Before Monday, Qatar had appeared unperturbed by the growing tensions. On May 27, Qatar's ruling emir, Tamim bin Hamad Al Thani, called Iranian President Hasan Rouhani to congratulate him on his re-election.
The call was a clear, public rebuttal of Saudi Arabia's efforts to force Qatar to fall in line against the Shiite-ruled nation, which the Sunni kingdom sees as its No. 1 enemy and a threat to regional stability. Qatar shares a massive offshore gas field with Iran.
The crisis began in late May when Qatar alleged that hackers took over the site of its state-run news agency and published what it called fake comments from its ruling emir about Iran and Israel. Its Gulf Arab neighbors responded by blocking Qatari-based media, including Al-Jazeera.
Qatar long has faced criticism from its Arab neighbors over its support of Islamists. The chief worry among them is the Muslim Brotherhood, a Sunni Islamist political group opposed to monarchical rule.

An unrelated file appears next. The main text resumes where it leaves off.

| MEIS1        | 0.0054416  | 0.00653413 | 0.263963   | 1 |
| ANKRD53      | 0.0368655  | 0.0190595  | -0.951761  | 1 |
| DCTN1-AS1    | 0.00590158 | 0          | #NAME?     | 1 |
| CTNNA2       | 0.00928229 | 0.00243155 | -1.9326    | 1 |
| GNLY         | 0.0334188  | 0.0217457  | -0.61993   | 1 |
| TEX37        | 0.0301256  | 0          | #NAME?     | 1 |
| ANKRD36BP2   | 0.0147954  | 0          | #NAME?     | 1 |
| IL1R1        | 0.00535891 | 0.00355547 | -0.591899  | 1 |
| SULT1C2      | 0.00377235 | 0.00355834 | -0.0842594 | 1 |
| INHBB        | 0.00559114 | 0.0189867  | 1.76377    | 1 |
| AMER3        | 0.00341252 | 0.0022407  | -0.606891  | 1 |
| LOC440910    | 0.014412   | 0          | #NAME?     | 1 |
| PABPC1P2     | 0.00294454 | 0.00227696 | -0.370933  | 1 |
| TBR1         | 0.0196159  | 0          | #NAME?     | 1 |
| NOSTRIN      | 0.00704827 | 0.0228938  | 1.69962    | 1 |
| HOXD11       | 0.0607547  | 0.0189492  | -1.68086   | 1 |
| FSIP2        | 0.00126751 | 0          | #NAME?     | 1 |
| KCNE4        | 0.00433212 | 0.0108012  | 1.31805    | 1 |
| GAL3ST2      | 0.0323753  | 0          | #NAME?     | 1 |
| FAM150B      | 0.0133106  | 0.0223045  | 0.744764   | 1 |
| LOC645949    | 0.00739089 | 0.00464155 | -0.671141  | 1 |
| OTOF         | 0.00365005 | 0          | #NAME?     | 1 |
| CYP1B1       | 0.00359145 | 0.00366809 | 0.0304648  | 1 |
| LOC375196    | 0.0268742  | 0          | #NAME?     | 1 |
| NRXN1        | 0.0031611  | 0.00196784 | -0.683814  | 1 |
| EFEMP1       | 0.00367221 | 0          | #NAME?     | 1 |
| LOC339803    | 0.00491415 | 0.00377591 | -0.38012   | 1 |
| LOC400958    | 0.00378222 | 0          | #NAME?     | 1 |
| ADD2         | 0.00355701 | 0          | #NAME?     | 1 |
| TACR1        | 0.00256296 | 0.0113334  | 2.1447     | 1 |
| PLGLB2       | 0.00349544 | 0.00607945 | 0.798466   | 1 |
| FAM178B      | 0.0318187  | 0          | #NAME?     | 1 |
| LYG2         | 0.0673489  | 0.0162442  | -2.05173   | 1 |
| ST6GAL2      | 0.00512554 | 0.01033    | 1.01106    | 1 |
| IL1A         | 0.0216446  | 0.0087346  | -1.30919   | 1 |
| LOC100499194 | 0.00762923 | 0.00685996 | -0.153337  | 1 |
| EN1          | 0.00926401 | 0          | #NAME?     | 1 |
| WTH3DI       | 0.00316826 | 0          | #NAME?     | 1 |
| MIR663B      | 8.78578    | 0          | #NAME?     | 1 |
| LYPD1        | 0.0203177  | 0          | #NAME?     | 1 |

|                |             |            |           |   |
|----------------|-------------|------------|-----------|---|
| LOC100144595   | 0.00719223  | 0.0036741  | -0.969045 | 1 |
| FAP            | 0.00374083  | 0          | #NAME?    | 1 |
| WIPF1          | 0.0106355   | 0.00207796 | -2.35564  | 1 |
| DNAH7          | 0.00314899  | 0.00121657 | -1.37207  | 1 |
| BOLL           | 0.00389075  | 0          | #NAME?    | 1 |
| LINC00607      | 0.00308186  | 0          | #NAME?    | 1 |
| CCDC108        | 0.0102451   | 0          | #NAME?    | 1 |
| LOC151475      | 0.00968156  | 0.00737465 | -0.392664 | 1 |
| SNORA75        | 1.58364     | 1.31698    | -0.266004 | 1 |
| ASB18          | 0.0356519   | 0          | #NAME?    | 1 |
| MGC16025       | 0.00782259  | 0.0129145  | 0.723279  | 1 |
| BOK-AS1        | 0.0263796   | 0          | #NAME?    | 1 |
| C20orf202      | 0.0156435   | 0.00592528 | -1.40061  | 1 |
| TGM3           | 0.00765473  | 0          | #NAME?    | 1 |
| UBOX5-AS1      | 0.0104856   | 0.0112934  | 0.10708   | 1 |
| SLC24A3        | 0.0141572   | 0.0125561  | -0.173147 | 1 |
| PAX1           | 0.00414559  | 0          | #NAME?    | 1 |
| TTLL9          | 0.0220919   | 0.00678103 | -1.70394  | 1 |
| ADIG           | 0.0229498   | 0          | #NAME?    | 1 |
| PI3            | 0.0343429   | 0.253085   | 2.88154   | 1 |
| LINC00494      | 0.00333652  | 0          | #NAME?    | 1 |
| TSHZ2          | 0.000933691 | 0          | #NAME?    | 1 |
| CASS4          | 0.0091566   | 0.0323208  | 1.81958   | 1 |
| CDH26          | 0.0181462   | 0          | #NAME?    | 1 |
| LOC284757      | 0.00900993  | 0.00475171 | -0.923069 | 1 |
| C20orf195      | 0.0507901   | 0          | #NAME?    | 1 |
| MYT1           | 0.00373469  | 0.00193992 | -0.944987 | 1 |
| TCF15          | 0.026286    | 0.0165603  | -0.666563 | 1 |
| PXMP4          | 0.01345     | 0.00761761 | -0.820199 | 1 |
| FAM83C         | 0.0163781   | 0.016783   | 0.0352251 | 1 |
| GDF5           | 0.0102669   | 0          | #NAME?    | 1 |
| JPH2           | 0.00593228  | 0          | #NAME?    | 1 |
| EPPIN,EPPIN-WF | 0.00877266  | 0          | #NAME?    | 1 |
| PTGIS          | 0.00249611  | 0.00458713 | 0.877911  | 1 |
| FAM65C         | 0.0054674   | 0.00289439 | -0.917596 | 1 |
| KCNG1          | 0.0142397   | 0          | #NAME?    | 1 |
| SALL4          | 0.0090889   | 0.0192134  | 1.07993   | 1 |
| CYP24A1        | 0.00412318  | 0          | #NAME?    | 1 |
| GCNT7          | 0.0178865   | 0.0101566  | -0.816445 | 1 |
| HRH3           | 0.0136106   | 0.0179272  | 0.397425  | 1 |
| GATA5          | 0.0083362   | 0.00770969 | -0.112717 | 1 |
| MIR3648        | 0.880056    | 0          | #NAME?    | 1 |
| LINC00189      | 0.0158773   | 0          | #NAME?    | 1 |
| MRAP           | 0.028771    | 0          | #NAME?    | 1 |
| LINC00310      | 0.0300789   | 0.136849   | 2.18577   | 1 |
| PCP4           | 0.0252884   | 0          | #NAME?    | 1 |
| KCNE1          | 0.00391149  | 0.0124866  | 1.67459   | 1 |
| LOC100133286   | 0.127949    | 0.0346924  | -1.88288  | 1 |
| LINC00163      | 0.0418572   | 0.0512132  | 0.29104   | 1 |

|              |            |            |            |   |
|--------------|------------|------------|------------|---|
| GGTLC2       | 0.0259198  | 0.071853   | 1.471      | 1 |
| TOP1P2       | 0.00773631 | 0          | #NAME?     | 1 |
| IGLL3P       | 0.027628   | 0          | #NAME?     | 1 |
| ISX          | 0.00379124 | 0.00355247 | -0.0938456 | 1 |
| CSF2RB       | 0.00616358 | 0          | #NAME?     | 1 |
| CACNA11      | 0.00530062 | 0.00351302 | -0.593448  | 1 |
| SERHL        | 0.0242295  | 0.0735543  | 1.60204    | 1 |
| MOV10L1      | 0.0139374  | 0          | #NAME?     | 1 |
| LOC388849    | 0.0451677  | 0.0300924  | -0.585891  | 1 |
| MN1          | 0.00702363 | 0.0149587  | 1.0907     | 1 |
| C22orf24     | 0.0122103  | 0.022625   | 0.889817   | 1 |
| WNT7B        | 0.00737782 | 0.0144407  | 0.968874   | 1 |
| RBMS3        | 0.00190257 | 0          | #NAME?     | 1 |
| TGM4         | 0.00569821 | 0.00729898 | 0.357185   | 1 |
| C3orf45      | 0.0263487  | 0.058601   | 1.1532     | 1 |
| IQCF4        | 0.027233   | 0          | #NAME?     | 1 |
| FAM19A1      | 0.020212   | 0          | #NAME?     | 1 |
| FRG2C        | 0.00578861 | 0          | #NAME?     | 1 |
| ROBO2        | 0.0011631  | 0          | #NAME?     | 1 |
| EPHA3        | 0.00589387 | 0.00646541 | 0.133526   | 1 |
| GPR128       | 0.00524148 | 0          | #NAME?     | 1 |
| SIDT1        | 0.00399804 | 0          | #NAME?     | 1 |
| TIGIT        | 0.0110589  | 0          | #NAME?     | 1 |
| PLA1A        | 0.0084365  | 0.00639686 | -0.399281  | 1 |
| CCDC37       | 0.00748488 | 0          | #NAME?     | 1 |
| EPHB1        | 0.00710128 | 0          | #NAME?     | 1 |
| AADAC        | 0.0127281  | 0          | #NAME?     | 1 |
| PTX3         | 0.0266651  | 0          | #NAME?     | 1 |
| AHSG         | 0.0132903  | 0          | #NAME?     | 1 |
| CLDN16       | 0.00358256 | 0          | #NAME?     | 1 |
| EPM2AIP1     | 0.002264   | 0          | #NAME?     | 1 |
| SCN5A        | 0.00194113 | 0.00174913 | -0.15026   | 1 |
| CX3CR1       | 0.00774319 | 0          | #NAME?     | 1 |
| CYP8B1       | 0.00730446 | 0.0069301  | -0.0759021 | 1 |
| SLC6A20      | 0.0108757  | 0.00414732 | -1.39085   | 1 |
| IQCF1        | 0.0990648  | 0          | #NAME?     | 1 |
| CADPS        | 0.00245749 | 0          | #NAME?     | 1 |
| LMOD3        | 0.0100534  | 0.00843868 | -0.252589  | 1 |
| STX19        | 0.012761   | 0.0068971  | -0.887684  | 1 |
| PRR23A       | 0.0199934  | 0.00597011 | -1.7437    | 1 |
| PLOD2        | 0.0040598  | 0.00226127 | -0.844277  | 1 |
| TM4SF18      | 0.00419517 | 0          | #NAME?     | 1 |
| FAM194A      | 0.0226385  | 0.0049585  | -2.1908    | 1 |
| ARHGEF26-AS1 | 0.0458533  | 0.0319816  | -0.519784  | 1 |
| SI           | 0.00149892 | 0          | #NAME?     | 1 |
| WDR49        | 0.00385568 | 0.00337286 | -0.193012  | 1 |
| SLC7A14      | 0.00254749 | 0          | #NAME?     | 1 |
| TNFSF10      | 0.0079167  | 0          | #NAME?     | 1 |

Gulf countries led by Saudi Arabia fell out with Qatar over its backing of Egyptian President Mohammed Morsi, a Brotherhood member who was overthrown by the military in 2013. In March 2014, Saudi Arabia, the United Arab Emirates and Bahrain recalled their ambassadors from Qatar over the rift. Eight months later, they returned their ambassadors as Qatar forced some Brotherhood members to leave the country and quieted others.
Qatar denies funding extremist groups. However, it remains a key patron of the Islamic Hamas movement, which rules the Gaza Strip. Western officials also have accused Qatar of allowing or even encouraging funding of Sunni extremists like al-Qaida's branch in Syria, once known as the Nusra Front.
Trump nevertheless met with Qatar's emir during the Saudi conference last month.
"We are friends, we've been friends now for a long time, haven't we?" Trump asked at the meeting. "Our relationship is extremely good."
Associated Press writers Aya Batrawy, Robert Burns and Maggie Michael contributed to this report.